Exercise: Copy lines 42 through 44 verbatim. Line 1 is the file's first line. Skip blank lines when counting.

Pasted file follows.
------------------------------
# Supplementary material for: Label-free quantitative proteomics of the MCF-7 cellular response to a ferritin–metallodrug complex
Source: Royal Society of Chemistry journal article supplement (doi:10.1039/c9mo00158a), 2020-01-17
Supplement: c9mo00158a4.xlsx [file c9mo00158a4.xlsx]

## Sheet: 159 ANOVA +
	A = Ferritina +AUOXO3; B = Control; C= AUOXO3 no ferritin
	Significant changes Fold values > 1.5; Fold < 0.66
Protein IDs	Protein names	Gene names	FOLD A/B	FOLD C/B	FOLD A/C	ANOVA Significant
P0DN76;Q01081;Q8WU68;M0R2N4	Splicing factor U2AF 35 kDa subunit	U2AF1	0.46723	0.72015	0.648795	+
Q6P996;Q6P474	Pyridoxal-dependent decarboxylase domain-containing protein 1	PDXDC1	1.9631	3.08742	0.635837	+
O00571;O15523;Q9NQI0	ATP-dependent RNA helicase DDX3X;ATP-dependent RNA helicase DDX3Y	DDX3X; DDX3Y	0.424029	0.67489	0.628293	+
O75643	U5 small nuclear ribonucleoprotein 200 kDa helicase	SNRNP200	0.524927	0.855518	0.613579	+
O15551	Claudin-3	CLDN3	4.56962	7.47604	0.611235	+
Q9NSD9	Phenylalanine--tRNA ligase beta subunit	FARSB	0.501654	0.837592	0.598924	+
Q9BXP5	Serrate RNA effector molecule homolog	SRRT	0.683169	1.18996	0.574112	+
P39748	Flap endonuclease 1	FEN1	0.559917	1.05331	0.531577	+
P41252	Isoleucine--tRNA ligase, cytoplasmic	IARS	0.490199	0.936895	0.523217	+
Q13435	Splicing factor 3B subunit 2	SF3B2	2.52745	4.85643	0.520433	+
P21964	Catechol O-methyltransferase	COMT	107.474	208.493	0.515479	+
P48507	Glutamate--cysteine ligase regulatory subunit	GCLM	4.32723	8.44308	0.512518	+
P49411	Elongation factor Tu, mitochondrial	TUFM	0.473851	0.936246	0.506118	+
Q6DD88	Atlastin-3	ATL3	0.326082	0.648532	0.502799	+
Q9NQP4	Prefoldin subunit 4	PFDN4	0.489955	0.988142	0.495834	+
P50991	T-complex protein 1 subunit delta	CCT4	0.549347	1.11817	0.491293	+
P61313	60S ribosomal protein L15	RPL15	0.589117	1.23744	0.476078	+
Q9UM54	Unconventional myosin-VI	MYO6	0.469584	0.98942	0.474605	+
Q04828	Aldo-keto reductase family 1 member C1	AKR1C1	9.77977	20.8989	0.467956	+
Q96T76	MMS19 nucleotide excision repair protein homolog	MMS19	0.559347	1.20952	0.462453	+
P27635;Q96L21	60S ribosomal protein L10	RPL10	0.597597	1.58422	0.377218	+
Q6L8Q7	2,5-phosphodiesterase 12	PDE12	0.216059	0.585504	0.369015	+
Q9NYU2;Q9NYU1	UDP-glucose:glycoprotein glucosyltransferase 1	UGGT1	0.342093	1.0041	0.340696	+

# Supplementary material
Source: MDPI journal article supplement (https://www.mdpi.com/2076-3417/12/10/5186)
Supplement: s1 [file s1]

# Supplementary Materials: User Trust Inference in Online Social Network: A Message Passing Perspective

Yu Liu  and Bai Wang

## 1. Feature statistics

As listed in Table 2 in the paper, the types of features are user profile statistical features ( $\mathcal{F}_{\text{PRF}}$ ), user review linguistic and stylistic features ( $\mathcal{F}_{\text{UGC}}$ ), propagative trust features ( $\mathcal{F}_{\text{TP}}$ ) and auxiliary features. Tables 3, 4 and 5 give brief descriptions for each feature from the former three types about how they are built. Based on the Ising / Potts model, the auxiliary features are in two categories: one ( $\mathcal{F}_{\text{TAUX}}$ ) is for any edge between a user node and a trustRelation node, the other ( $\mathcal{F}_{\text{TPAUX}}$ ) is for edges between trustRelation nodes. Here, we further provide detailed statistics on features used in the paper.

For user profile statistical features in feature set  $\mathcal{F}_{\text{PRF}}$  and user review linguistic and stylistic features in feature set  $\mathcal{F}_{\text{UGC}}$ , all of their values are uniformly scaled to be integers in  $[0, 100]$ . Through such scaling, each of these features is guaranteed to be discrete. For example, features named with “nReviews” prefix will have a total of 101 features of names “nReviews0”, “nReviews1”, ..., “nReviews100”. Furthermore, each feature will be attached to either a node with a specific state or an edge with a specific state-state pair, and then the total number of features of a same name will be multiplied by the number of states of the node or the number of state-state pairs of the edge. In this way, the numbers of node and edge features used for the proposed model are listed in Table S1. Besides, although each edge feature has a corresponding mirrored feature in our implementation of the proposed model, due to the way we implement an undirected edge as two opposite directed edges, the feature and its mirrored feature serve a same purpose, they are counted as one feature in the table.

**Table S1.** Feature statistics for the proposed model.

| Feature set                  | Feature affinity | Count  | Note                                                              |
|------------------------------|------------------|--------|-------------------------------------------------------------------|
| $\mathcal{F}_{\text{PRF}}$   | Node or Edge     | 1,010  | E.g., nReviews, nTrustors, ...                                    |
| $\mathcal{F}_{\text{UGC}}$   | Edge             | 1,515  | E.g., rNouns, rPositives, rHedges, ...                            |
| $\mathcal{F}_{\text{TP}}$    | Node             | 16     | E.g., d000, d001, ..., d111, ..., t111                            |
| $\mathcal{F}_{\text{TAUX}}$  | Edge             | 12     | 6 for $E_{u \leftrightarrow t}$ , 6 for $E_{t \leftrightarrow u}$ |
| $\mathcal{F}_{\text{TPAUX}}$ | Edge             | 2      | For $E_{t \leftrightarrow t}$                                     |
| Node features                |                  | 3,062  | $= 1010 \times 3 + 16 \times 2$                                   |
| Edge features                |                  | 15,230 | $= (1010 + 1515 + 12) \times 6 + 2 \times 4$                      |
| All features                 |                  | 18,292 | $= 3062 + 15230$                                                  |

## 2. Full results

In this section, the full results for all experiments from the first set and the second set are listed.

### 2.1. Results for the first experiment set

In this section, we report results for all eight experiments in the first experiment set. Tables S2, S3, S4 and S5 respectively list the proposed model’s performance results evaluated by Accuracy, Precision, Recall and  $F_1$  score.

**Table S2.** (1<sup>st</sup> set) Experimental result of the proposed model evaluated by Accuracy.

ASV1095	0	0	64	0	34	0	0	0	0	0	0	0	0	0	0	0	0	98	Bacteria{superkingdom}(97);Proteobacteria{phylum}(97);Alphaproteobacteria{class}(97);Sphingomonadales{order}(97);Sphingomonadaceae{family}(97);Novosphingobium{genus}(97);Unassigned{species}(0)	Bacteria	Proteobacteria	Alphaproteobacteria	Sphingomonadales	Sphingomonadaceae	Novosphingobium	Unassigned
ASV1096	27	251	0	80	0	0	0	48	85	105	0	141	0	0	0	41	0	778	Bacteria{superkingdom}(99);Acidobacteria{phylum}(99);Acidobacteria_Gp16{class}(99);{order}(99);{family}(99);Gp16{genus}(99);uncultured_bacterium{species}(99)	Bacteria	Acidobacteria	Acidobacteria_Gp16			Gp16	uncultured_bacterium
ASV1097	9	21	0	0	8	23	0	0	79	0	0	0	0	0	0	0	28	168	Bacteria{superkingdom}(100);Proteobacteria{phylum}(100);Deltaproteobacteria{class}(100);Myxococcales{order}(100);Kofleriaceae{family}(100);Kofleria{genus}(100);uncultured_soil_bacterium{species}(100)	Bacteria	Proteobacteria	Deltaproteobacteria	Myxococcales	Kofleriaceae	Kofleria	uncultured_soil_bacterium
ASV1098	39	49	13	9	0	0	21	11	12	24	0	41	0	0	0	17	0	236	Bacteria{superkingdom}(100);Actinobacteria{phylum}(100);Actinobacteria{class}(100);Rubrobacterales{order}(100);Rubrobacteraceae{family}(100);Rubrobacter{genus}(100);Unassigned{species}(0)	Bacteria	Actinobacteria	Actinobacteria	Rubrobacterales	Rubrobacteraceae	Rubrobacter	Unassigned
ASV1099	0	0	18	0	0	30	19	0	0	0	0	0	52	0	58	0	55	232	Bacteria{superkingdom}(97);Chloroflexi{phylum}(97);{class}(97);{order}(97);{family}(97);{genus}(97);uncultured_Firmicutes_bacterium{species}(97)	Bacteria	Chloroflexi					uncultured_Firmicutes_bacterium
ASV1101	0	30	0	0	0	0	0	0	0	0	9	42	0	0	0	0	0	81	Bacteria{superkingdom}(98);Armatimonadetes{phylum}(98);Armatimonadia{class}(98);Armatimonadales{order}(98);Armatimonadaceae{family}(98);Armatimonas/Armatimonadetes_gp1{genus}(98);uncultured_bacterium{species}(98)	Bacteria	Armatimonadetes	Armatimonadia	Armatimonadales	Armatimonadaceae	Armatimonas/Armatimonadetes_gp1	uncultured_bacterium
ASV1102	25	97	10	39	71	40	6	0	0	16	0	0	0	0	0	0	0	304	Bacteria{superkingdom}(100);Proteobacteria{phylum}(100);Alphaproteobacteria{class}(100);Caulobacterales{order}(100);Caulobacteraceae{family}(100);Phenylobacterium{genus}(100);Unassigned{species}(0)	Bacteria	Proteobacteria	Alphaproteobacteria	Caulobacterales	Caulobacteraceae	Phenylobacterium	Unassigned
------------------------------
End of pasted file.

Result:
| $\mathcal{F}_{\text{PRF}}$   | Node or Edge     | 1,010  | E.g., nReviews, nTrustors, ...                                    |
| $\mathcal{F}_{\text{UGC}}$   | Edge             | 1,515  | E.g., rNouns, rPositives, rHedges, ...                            |
| $\mathcal{F}_{\text{TP}}$    | Node             | 16     | E.g., d000, d001, ..., d111, ..., t111                            |